Inquests into officer-involved shootings are a valuable tool, but the process needs some tweaks.

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THE verdict in the controversial shooting death of Che Taylor by Seattle police answered a few key questions. The NAACP of Seattle had declared Taylor’s death last February a “coldblooded murder.” But a panel of jurors in the shooting inquest — some of whom were avowed supporters of Black Lives Matter — believed officers’ statements that they shot Taylor to protect themselves. The ruling goes a long way to settling basic questions about the shooting.

But left unanswered are the community’s most basic questions: How could that incident have gone differently? Did the officers have the right training and protocols to avoid a confrontation? In short, did Che Taylor have to die?

The jurors didn’t answer them because they weren’t asked under the inquest process. To get to those deeper questions, King County should consider tweaks to the inquest process.

Inquests themselves are strange. They are not criminal proceedings. They are not civil trials either. Under state law, inquests can be called to determine the cause of death. King County is the only county to routinely hold inquests after a fatal officer-involved shooting.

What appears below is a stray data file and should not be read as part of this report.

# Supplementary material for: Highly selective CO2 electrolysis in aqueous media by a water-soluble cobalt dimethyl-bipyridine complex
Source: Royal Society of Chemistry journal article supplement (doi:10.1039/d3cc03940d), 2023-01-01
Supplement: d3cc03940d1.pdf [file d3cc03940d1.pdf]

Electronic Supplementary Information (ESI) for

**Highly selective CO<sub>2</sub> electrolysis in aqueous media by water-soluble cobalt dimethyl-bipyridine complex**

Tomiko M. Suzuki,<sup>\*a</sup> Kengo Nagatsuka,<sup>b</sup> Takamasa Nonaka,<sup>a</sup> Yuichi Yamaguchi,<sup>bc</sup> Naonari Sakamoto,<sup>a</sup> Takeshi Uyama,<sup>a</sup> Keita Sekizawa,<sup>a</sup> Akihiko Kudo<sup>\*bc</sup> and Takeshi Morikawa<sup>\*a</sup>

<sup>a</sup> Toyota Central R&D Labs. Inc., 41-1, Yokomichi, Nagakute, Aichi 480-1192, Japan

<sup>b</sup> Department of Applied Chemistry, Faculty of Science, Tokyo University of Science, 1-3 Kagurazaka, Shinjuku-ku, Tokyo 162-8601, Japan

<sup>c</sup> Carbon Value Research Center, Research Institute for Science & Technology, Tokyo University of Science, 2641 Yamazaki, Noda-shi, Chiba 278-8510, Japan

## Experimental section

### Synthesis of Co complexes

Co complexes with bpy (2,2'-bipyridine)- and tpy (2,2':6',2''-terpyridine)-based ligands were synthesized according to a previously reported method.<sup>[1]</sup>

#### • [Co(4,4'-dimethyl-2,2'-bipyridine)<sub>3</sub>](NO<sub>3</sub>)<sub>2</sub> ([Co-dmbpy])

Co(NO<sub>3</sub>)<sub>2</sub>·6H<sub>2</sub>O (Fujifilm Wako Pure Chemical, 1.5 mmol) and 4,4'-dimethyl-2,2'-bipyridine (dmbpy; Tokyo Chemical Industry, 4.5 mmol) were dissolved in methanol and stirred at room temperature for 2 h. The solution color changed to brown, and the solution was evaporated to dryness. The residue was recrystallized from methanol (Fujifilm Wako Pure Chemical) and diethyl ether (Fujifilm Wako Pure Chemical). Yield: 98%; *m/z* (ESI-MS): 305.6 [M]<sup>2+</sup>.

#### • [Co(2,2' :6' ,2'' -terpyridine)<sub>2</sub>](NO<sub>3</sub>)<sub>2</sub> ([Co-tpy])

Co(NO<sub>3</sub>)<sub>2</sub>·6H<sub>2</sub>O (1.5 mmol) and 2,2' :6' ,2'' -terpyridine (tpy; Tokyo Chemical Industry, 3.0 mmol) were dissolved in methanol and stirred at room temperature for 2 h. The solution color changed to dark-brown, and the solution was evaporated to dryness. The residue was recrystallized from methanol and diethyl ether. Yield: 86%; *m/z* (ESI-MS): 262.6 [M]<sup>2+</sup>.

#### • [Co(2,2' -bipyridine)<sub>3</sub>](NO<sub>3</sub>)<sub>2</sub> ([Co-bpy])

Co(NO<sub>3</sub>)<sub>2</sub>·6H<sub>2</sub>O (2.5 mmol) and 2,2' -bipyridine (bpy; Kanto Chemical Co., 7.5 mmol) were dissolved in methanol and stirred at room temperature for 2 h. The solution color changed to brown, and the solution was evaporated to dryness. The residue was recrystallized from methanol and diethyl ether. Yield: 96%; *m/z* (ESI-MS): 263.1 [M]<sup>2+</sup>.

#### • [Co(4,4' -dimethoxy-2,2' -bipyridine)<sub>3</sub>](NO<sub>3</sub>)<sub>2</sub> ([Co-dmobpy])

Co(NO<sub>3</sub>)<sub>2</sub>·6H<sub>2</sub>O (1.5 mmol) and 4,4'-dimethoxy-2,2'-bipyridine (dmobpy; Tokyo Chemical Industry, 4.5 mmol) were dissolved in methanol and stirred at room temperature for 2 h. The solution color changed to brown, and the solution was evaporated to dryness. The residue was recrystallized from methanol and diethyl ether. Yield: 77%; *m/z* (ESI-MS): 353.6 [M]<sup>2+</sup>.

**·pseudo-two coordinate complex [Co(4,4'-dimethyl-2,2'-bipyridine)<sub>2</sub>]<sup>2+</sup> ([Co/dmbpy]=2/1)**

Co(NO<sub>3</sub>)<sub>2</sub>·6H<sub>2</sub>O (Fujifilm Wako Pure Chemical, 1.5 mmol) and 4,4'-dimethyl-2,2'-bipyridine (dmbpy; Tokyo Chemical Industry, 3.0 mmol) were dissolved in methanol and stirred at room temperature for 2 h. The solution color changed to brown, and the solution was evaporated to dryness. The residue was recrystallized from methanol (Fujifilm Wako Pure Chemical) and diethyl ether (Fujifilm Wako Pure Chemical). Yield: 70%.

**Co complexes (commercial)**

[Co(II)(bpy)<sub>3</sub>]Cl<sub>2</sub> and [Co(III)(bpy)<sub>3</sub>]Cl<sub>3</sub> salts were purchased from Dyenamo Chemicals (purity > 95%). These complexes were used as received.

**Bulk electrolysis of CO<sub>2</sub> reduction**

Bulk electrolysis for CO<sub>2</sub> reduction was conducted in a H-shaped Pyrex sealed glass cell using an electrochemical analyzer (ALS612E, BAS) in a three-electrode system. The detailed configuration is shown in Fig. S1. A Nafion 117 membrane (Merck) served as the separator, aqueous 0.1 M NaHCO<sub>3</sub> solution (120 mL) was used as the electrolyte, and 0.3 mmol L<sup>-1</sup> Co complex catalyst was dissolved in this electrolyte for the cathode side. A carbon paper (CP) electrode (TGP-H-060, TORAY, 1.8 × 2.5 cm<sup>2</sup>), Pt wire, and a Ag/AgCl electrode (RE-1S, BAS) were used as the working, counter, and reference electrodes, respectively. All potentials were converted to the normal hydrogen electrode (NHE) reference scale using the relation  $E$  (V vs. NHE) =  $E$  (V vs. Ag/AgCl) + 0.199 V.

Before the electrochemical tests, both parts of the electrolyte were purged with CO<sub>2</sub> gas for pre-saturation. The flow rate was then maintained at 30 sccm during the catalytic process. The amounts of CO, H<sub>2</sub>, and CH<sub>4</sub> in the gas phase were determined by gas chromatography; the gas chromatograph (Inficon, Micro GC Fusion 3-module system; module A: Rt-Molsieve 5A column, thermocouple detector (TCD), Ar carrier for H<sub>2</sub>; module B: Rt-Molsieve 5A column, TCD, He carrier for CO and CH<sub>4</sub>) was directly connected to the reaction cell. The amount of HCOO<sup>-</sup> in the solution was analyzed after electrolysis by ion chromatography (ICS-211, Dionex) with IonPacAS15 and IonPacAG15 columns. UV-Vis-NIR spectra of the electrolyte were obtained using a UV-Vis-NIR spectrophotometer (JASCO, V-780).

That is a smart and forward-looking policy, because it daylights the facts that, if left murky, can divide a community. Other counties should follow suit. A bill recently passed out of a state Senate committee would encourage more inquests, and require special consideration if law enforcement was involved in the death.

King County’s process is solid, with prosecutors acting as fact-finders, and officers represented by their own attorneys. But families of the deceased are left to hire their own attorneys, if they can afford to. King County should provide the families a lawyer because these families have legitimate questions to ask.

The Che Taylor inquest also spotlighted strange rulings by District Court Judge Janet Garrow. She banned audio recordings of the public proceeding, and let witnesses — including officers who were not working undercover — decide if they wanted to be photographed. Bad move. Garrow forgot that she was presiding in open court over a proceeding intended to foster public trust. Future inquests should set clearer media access rules.

The biggest change should be a reconsideration of the purpose of an inquest. They’re not merely to determine a cause of death: we already know that. The public, law enforcement and government leaders could learn more if broader questions are asked. Did the officers act reasonably, given their training? Did officers have sufficient training to de-escalate the incident? What policies could be changed?

Inquests are a valuable tool to get to the truth about officer-involved shootings. King County Executive Dow Constantine, and his successors, should sharpen the process to make them more useful.